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13,000 doses of FMD vaccines lie idle in Nakaseke district

Government dispatches FMD vaccines to Nakaseke district. File Photo

Nakaseke, Uganda | THE INDEPENDENT | More than 13,000 jabs that were dispatched to Nakaseke district to vaccinate cattle against Foot and Mouth Disease are still lying idle.

Early this year, the Ministry of Agriculture, Animal Husbandry, and Fisheries dispatched a total of 20,000 doses of vaccines to Nakaseke district to enable pastoralists to vaccinate their heads of cattle against Foot and Mouth Disease.

Fred Rwabirinda, the Nakaseke District Secretary for Production explains that the district has been able to administer only 7,000 doses and the 13,000 doses are still lying idle just a month before they expire.

Rwabirinda says that the pastoralists had been reluctant to vaccinate their animals but the district has directed veterinary officers to conduct mandatory vaccinations so that they can utilize all the vaccines before they expire.

Joel Mwine Bashaija, the district councillor for Ngoma sub-county says that the pastoralists shunned the vaccination exercise because vaccines were brought during the dry season and the animals’ immunity was low due to lack of pasture and water.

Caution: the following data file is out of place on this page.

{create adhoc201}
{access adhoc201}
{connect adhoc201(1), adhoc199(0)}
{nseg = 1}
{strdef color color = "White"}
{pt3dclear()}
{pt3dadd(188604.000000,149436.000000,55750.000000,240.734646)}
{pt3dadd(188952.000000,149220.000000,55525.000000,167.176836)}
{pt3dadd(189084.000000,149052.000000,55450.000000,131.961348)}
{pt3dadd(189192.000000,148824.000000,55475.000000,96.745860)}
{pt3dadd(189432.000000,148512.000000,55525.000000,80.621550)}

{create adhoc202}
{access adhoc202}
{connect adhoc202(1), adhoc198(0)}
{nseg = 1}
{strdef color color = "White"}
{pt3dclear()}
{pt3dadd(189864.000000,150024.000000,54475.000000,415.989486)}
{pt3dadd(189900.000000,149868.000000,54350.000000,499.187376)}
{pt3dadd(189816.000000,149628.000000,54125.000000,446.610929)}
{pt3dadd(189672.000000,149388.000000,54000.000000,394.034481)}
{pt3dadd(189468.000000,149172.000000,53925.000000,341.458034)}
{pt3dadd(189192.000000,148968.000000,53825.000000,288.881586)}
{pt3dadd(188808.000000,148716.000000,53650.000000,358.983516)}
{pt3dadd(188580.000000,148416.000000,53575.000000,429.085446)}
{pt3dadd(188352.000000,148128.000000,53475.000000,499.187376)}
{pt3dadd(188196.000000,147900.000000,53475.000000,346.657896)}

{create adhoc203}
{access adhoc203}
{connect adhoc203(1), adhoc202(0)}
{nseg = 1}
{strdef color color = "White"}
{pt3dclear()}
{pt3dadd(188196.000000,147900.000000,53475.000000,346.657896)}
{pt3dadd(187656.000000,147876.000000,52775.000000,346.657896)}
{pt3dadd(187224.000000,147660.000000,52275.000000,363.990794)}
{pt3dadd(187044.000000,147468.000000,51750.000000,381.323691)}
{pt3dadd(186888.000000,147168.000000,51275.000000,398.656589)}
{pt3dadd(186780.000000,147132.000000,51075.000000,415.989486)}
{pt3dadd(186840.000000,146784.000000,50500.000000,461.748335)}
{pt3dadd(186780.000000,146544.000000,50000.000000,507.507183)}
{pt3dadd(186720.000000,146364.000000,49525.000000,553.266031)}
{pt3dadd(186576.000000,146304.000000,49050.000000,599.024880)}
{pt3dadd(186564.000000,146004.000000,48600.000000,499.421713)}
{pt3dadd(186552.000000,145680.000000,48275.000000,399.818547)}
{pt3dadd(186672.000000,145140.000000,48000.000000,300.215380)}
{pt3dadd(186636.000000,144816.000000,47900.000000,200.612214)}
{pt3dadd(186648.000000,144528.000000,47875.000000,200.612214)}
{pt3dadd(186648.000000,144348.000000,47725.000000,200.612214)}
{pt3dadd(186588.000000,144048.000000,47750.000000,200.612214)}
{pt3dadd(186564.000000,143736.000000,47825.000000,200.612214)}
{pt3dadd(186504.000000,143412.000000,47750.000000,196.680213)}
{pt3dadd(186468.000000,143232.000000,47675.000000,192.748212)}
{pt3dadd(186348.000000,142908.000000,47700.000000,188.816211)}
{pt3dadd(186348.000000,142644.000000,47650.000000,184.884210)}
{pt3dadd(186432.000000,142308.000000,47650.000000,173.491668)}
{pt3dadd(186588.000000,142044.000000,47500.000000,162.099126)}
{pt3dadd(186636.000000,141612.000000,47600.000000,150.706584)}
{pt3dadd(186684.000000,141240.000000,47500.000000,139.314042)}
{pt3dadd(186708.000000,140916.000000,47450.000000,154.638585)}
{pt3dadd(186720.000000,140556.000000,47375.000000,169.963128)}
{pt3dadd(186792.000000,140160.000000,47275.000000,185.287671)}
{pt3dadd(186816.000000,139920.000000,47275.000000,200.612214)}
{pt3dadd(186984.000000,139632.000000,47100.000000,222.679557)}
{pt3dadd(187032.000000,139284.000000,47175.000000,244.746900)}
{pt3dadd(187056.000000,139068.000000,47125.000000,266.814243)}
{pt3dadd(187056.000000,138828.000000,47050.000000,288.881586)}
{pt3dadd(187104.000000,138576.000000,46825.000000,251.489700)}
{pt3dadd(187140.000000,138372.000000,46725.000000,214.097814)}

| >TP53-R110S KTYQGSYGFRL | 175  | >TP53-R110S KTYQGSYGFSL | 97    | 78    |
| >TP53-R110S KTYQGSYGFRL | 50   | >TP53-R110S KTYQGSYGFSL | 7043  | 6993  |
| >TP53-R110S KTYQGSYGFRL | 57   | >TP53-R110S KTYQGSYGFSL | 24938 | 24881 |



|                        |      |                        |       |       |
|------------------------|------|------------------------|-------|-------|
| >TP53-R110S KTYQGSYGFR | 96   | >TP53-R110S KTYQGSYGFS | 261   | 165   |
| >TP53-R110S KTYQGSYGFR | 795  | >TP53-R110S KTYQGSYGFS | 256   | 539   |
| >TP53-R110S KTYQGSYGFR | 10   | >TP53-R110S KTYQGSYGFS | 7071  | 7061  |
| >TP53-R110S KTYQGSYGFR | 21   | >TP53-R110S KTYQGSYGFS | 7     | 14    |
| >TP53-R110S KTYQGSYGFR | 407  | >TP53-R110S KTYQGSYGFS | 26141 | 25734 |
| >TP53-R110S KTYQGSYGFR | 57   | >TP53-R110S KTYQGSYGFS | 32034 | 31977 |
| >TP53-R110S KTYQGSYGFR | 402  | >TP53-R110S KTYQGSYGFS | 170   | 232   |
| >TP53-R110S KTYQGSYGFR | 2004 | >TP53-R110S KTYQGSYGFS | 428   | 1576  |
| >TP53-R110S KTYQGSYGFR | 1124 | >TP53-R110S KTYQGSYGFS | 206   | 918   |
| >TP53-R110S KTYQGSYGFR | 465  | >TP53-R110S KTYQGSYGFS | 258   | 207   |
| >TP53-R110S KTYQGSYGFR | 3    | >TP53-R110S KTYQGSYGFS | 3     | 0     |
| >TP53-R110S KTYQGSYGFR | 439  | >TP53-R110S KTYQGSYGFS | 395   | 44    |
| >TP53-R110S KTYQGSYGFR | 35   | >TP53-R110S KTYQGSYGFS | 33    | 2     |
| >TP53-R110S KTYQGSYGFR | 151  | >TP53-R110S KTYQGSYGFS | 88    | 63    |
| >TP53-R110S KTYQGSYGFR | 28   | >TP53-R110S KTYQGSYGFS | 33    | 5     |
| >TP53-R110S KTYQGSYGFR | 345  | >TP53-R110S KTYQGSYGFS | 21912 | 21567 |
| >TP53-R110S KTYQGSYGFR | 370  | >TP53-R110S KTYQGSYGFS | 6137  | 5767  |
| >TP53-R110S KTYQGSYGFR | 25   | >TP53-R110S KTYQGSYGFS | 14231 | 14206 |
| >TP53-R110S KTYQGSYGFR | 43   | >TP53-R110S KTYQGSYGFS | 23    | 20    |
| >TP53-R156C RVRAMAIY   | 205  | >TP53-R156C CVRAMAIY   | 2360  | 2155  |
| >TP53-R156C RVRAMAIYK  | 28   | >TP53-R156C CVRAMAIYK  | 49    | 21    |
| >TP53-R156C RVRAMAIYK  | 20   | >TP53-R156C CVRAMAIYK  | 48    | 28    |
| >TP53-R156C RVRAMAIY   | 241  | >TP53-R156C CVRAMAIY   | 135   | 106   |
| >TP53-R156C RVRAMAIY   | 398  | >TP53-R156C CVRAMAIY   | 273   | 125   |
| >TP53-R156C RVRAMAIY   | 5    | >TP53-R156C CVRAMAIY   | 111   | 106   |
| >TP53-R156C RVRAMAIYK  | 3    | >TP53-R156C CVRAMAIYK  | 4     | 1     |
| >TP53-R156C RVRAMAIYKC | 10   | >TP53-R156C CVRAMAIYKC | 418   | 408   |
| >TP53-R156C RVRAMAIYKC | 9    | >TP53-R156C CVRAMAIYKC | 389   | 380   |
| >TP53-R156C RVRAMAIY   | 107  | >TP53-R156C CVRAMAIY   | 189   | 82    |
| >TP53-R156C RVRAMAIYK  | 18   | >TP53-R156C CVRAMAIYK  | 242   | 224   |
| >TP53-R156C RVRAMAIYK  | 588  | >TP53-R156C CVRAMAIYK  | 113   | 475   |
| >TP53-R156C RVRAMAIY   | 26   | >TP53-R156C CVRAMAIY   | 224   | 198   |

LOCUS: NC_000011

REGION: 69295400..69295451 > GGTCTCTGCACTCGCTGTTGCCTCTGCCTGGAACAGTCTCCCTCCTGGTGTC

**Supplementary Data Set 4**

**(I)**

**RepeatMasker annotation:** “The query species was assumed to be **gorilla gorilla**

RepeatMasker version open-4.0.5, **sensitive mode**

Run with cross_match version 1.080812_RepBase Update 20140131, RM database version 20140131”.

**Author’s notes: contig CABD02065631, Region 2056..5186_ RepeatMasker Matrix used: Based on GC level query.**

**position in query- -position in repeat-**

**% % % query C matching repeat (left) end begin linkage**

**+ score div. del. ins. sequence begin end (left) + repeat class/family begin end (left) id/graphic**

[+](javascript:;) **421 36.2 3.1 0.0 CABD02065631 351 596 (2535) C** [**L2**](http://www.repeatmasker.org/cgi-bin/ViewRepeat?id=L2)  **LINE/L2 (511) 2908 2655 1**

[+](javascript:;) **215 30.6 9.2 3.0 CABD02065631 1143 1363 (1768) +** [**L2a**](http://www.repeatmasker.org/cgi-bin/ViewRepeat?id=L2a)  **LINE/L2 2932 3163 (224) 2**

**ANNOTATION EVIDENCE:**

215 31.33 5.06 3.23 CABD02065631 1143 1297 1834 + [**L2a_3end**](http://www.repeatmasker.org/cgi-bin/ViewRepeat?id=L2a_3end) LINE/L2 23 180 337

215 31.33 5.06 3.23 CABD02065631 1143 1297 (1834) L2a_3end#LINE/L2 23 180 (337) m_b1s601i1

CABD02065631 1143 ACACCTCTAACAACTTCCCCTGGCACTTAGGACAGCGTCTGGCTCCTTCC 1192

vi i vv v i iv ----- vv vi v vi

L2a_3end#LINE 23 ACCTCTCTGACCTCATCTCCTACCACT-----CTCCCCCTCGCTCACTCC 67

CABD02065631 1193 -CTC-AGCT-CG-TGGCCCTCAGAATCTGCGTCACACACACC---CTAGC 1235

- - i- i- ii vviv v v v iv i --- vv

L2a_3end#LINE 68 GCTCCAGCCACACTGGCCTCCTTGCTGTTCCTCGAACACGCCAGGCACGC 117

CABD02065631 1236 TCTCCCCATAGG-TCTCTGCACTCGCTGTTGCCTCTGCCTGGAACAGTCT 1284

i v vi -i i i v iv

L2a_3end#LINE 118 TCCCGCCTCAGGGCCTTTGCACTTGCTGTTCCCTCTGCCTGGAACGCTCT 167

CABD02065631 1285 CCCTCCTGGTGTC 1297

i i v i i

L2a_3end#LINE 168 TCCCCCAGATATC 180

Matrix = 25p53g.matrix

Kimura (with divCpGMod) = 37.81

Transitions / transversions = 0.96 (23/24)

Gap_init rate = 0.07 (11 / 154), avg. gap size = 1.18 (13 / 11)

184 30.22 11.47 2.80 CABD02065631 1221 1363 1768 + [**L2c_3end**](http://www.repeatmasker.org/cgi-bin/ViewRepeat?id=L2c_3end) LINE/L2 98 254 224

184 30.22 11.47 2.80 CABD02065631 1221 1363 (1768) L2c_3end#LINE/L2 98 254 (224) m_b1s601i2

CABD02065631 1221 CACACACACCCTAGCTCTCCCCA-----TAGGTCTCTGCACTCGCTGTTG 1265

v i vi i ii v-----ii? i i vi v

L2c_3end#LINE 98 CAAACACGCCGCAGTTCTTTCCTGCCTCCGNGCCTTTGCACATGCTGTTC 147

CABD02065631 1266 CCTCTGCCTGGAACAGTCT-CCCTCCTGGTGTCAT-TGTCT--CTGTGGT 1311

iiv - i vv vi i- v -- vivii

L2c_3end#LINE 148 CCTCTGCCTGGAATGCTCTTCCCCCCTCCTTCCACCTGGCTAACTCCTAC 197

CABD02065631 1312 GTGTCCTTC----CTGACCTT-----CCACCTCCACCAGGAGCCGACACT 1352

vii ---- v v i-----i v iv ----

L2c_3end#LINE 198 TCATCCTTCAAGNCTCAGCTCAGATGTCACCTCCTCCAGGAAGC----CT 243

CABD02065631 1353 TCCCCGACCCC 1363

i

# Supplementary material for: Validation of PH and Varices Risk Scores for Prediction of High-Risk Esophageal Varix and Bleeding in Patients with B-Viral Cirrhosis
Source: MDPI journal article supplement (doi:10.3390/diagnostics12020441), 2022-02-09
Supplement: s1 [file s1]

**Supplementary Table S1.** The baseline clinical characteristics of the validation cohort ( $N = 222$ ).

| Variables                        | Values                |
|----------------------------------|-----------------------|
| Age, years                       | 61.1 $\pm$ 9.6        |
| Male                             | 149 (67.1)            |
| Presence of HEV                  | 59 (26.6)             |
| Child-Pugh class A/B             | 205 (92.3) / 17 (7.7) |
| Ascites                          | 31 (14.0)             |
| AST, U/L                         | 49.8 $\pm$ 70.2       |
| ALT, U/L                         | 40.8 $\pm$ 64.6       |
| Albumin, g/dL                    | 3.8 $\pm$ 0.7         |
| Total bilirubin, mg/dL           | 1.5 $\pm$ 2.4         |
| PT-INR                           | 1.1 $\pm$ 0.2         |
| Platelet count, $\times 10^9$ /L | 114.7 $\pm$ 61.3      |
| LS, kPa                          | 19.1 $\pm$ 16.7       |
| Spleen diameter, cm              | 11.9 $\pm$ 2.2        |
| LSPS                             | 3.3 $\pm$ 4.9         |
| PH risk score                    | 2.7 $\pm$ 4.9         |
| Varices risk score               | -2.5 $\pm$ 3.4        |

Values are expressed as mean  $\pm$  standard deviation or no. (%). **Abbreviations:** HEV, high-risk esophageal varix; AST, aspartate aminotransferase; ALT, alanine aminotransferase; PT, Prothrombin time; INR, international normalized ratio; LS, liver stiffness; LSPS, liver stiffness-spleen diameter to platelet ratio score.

Bashaija said that others feared that animals may even die if they vaccinate them around this dry season.

Jonah Kanyomozi, the district councilor for Ngoma town council says that other pastoralists also feared that due to low immunity over drought season, some animals may experience pregnancy losses.

Ignatius Koomu Kiwanuka, the LCV chairperson of Nakaseke district says that some pastoralists are reluctant to vaccinate their animals because there is no reported FMD outbreak in the area.

However, Koomu says that the rainfall has since set in, and they have directed that no animal should be sold within cattle markets before vaccination as a strategy to compel pastoralists to embrace the exercise.

The sub-counties of Kinyogogga, Ngoma, Kinoni, and Ngoma town council among others in Nakaseke suffer losses of revenue annually over quarantines imposed over the repeated outbreak of Foot and Mouth Disease.

It is believed that each month, the local governments lose more than 11 million shillings from cattle markets due to the quarantines.

Vaccination is the major strategy to save pastoralists and local governments from losses.

Foot and Mouth Disease is a severe, highly contagious viral disease.  The virus causes illness in cows, pigs, sheep, goats, deer, and other animals with divided hooves.

An infected animal presents with loss of appetite, sticky or foamy saliva, reluctance to move, fever, and blisters on the tongue, mouth, and foot.



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